For most organizations, the human resource policies and practices are transactional in nature. At TEOCO, the HR function has become the principal means of cultural transmission and reinforcement. In addition, Atul devotes strategic focus on HR because of his belief in the potential of an empowered work force. To some extent, part of the company’s overall strategy is working from the “bottom up.” The company relies on the abilities of 373374its employees to understand what the market needs and develop new products. An example of how the empowered workforce functions at TEOCO was related by Dave [Software Architect]:
We are not structured in a way that we have a team for incubating products … it’s through conversations with our existing customers, generally, that the ideas for the next set of products come out.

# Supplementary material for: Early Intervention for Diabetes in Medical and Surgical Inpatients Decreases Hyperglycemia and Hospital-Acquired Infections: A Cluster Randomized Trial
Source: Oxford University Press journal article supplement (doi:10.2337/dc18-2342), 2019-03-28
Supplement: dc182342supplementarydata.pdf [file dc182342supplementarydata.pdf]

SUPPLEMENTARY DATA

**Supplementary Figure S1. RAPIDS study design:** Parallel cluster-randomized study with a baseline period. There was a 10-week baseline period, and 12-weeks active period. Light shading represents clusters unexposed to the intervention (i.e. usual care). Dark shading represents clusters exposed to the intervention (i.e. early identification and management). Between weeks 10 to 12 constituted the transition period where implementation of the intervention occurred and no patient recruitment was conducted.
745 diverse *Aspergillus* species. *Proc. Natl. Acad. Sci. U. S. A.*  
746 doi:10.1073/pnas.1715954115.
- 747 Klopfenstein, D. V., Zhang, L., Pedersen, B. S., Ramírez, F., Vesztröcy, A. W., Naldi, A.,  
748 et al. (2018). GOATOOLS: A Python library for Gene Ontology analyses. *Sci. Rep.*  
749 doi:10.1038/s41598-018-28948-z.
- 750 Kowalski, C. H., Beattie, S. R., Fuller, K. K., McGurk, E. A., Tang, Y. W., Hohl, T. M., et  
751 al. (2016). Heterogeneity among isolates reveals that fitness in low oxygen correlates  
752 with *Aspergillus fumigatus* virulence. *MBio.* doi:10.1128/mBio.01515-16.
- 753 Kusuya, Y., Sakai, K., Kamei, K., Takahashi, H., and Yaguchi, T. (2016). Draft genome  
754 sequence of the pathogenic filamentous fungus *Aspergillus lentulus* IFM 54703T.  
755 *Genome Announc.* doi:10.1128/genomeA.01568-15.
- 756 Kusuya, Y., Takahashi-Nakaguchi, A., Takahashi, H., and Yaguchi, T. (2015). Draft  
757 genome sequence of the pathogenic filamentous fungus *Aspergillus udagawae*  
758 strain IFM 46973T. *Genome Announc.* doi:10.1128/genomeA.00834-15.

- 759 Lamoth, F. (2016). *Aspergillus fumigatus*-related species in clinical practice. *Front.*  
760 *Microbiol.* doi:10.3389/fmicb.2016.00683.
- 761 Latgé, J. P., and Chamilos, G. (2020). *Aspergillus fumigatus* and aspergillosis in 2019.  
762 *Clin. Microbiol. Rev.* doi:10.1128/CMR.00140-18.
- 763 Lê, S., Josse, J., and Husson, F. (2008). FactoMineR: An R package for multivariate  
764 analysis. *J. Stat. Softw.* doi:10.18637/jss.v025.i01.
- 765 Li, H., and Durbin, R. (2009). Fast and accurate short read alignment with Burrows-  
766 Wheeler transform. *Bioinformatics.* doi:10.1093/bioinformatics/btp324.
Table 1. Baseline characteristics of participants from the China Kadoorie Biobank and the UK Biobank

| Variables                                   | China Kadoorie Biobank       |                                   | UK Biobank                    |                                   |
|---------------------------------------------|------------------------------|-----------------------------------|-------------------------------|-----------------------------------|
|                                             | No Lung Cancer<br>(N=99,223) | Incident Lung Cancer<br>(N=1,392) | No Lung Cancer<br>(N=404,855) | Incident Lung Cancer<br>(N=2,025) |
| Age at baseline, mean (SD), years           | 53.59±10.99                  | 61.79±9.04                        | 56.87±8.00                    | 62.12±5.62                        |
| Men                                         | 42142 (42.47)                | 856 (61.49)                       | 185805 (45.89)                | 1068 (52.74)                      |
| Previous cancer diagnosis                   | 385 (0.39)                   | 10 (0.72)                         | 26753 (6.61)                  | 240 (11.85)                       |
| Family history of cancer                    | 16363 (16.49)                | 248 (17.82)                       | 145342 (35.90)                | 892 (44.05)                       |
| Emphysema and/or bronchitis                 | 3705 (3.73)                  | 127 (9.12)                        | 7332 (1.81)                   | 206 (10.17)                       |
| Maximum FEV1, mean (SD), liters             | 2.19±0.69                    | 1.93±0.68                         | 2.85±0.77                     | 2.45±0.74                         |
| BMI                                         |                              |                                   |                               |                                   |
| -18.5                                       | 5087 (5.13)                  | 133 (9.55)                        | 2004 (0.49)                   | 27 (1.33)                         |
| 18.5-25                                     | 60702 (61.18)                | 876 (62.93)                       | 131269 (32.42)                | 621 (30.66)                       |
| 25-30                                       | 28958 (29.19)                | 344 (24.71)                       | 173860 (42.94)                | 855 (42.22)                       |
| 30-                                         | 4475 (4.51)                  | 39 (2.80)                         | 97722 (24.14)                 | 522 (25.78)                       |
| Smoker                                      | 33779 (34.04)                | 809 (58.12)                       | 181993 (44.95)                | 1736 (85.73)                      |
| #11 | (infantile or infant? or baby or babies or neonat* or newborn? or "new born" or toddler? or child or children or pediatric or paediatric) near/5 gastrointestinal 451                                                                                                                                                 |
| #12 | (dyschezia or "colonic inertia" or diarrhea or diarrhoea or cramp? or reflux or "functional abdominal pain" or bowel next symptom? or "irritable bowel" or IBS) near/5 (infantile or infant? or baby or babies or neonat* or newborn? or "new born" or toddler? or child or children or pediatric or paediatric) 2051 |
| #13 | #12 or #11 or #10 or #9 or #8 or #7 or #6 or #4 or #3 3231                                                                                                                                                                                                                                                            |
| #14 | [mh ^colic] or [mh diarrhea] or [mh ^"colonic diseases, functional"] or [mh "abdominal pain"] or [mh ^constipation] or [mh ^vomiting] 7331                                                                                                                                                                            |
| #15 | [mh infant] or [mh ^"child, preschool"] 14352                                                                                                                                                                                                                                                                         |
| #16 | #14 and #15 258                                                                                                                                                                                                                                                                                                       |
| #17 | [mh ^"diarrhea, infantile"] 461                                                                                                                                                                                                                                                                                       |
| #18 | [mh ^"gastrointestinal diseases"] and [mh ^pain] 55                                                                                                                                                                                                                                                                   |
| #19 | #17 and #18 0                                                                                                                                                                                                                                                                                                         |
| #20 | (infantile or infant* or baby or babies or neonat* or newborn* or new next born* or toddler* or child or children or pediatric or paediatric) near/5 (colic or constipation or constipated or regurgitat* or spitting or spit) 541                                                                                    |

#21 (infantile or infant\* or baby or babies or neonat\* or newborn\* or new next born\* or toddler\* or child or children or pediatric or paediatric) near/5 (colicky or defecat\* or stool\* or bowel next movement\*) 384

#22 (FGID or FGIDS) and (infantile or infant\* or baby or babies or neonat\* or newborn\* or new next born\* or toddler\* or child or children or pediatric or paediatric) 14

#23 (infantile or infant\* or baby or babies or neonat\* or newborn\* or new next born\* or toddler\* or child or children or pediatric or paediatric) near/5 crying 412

Meanwhile, it is the shared leadership model that provides the opportunity for Atul to be so strongly and strategically focused on HR while depending on John, Faye and others to bring in the revenues. In an organization whose principal assets and competitive advantage are its human and intellectual capital, Atul and the shared leadership team have recognized the strategic importance of HR to its success.
The culture at TEOCO revolves singularly around the principle of employee ownership; it is embedded in the language, the policies and practices, the daily activities and even the rituals at TEOCO. There is a formal HR policy manual which is kept continuously current. While the manual is comprehensive in its scope, it is somewhat limited in specific details. Atul’s stated philosophy of a policy manual is that “less is more,” and the existing manual is larger than he would prefer. His rationale for not wanting to embed detailed procedures into the policy manual is that he prefers to have as few rules as possible. He believes that every employee will always want to do what is in the best interest of the company, and to reinforce the culture at TEOCO he believes that doing the right thing might at times require violating a policy.